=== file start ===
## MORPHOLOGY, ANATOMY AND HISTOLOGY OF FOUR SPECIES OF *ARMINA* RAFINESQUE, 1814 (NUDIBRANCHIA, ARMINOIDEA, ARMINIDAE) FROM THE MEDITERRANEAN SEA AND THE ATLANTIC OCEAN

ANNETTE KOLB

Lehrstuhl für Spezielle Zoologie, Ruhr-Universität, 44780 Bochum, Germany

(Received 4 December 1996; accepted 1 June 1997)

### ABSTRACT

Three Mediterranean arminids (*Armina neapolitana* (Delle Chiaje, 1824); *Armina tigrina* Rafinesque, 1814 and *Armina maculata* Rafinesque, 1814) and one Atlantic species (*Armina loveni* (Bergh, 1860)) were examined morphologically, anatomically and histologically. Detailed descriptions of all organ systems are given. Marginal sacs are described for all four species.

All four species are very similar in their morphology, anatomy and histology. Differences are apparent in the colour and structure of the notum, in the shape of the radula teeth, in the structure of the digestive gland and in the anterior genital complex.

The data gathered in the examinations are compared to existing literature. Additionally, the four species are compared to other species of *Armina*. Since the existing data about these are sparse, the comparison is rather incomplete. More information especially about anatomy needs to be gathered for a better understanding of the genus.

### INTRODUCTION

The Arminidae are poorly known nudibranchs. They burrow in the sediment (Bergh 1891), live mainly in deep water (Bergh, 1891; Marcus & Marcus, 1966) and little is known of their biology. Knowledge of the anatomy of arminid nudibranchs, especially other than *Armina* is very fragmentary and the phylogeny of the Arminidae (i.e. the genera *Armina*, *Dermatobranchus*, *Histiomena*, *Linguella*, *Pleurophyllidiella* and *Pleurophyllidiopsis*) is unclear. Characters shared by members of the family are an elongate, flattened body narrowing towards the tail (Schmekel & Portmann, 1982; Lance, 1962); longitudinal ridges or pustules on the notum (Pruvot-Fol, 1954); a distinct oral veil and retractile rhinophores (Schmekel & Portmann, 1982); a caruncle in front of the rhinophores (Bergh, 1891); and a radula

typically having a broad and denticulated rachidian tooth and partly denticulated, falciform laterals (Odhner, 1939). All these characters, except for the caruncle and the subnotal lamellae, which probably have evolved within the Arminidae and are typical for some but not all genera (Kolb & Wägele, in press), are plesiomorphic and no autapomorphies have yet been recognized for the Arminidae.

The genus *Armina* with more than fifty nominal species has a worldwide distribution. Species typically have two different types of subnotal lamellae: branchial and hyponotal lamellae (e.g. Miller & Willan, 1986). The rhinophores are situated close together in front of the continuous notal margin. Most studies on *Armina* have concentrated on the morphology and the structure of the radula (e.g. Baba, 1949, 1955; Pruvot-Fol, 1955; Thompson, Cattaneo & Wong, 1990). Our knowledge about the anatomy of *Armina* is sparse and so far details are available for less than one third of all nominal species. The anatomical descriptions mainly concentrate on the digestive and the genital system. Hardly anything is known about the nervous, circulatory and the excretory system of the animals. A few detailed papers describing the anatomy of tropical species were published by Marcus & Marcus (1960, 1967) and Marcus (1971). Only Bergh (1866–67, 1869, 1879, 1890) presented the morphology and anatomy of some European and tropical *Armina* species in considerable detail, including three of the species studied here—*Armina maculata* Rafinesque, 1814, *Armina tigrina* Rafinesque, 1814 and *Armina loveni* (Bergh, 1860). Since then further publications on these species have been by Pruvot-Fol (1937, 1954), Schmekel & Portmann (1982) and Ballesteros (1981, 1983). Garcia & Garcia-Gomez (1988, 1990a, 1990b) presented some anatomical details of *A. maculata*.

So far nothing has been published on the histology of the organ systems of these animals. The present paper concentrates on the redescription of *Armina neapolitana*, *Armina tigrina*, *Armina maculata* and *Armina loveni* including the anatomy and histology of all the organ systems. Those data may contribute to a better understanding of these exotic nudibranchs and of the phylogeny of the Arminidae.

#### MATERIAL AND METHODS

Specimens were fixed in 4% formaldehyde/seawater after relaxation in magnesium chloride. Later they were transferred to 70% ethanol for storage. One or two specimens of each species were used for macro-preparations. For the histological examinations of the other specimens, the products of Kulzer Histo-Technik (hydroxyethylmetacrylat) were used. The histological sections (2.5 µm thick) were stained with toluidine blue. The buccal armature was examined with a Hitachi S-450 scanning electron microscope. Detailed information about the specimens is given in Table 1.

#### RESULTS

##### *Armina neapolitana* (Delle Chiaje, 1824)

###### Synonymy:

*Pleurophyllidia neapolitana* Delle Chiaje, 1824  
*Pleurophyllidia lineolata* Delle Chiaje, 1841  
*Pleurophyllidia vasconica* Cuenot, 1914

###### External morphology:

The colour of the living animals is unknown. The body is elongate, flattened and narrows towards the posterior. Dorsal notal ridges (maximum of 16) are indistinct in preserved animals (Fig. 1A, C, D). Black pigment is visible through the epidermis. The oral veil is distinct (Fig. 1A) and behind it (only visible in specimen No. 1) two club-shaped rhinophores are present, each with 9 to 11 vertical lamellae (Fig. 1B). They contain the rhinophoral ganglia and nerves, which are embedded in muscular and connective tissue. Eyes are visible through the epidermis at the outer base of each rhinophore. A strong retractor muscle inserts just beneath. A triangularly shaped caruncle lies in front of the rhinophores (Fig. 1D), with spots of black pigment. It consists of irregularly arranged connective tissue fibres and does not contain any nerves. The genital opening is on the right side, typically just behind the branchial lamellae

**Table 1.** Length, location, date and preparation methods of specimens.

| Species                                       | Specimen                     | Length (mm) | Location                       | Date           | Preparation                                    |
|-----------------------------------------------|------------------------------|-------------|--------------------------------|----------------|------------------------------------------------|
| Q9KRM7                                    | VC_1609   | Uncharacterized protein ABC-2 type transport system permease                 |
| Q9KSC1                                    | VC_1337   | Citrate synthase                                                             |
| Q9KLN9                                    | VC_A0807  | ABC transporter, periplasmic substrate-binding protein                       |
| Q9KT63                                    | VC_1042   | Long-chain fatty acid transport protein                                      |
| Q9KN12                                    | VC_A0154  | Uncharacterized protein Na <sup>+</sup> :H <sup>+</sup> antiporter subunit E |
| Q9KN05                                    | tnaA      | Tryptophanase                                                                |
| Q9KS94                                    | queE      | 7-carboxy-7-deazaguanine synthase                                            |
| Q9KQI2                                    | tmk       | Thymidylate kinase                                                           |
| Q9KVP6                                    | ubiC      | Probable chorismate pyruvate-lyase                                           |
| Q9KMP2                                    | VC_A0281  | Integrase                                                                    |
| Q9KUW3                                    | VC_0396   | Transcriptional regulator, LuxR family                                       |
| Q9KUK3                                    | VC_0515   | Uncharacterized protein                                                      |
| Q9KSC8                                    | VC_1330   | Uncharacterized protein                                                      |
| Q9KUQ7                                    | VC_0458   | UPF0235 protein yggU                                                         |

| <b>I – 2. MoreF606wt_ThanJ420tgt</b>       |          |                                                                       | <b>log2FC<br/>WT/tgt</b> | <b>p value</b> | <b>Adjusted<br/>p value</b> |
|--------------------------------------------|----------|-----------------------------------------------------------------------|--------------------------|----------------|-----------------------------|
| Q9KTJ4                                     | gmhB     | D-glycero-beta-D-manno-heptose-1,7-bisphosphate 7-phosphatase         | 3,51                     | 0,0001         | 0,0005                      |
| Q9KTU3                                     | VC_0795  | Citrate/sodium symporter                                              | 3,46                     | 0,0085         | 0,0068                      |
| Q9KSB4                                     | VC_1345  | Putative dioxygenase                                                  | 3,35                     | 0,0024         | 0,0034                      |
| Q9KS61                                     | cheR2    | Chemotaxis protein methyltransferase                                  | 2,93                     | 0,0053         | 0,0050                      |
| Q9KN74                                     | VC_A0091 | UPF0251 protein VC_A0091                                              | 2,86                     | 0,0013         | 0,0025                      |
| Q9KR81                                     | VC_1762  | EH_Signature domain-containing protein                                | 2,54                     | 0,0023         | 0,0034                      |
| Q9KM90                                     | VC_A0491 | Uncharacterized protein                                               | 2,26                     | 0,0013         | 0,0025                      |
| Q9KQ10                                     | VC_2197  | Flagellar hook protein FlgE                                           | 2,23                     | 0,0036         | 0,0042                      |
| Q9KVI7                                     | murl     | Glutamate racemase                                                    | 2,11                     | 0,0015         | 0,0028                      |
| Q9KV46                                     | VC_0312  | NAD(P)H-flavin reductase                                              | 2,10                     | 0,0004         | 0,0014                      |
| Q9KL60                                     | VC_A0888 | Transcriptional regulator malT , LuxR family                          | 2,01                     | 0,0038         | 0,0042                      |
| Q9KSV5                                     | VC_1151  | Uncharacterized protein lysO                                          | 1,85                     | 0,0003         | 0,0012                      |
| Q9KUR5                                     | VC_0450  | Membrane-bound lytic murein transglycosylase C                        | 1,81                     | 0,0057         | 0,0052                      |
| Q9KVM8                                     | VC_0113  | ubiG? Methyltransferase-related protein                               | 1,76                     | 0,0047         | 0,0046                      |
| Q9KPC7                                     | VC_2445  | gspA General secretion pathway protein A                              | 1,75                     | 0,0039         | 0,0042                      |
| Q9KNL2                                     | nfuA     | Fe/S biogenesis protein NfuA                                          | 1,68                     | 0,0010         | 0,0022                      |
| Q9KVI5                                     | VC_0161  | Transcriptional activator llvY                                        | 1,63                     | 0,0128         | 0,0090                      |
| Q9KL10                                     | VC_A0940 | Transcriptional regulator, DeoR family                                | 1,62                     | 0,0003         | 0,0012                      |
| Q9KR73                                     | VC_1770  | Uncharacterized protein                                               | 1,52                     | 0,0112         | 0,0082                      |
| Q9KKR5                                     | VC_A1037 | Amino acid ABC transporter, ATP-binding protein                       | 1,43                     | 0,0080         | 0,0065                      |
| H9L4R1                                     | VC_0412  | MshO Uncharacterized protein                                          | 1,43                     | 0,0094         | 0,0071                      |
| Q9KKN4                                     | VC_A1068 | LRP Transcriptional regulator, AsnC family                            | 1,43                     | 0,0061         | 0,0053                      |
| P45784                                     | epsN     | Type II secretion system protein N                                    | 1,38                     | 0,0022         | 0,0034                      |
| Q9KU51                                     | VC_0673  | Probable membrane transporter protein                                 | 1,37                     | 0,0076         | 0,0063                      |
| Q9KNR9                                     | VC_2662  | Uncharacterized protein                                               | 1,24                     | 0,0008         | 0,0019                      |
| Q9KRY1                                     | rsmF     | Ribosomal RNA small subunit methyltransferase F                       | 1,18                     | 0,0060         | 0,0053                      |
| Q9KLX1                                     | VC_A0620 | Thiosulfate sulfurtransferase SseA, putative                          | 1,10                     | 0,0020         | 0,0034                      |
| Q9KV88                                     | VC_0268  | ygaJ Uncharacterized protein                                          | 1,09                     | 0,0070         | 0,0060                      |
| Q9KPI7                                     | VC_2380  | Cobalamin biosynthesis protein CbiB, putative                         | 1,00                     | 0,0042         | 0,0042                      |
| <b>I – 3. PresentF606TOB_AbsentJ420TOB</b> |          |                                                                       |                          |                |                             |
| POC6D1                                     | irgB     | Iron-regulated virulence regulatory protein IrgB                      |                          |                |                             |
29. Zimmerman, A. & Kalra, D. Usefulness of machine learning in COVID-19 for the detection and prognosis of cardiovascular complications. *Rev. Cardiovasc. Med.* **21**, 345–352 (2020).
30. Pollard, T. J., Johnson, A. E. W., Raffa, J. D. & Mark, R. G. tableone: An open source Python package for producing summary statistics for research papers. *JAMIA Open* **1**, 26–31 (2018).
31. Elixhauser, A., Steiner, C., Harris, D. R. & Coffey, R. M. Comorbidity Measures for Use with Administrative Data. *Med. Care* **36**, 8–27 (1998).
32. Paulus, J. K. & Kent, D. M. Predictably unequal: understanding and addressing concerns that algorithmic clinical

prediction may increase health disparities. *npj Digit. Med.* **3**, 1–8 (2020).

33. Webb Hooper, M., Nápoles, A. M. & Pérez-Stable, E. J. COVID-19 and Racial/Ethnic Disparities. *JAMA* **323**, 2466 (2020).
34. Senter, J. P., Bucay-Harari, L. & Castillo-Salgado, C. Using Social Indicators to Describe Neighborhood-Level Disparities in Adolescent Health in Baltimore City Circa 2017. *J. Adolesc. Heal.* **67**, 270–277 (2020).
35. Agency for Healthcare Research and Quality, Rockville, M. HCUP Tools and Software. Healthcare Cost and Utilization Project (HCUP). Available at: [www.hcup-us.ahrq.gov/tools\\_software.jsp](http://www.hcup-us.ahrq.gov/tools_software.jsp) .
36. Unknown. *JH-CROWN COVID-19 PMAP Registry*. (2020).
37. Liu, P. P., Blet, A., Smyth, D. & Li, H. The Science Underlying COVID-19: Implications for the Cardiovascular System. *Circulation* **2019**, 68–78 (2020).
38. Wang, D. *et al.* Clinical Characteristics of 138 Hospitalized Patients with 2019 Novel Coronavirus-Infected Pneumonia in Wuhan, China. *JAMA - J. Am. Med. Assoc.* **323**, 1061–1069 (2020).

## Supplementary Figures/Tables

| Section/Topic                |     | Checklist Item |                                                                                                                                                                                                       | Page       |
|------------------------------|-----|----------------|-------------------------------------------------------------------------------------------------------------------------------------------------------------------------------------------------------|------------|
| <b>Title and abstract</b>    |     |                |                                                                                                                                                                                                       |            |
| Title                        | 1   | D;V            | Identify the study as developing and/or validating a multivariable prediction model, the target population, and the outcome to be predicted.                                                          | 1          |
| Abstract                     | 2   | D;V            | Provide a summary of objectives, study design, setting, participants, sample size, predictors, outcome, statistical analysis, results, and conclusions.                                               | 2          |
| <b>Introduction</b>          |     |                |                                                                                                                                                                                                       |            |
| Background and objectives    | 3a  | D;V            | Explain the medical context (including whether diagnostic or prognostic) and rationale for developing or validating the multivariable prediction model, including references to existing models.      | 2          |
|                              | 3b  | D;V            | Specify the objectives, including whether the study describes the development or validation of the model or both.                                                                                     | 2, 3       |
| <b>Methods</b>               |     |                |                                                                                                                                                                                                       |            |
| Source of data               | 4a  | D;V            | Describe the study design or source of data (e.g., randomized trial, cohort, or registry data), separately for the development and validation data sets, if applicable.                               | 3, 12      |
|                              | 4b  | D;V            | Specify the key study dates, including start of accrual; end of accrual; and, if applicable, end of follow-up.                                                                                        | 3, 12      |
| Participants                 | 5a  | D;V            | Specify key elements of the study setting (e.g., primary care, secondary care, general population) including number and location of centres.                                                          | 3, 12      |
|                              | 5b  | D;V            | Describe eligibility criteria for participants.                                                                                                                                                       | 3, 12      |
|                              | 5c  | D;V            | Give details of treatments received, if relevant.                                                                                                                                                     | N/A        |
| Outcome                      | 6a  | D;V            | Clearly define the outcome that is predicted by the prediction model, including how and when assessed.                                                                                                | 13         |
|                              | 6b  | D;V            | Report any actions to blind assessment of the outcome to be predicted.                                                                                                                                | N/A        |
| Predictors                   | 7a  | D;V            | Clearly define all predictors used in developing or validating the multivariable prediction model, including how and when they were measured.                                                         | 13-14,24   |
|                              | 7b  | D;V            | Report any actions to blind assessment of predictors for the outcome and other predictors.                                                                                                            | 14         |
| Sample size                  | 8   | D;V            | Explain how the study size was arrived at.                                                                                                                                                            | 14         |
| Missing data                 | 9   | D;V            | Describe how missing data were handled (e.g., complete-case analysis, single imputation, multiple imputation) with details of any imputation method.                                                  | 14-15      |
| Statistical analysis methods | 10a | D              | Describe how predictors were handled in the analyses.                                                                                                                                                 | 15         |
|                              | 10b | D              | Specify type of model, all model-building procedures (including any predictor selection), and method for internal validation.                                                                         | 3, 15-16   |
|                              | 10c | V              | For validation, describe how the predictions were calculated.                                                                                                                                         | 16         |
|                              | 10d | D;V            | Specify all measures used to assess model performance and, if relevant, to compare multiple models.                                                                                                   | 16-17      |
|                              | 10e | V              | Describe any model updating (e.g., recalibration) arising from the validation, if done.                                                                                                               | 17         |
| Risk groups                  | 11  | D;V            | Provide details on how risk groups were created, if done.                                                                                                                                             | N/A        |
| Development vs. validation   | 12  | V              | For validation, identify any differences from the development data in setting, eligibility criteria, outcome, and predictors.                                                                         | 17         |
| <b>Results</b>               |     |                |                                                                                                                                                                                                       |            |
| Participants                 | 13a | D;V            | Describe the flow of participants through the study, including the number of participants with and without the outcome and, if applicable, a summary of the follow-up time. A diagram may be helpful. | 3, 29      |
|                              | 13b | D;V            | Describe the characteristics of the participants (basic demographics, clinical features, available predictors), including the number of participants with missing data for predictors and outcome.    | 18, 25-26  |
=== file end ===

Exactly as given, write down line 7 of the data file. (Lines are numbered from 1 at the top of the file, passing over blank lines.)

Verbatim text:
All four species are very similar in their morphology, anatomy and histology. Differences are apparent in the colour and structure of the notum, in the shape of the radula teeth, in the structure of the digestive gland and in the anterior genital complex.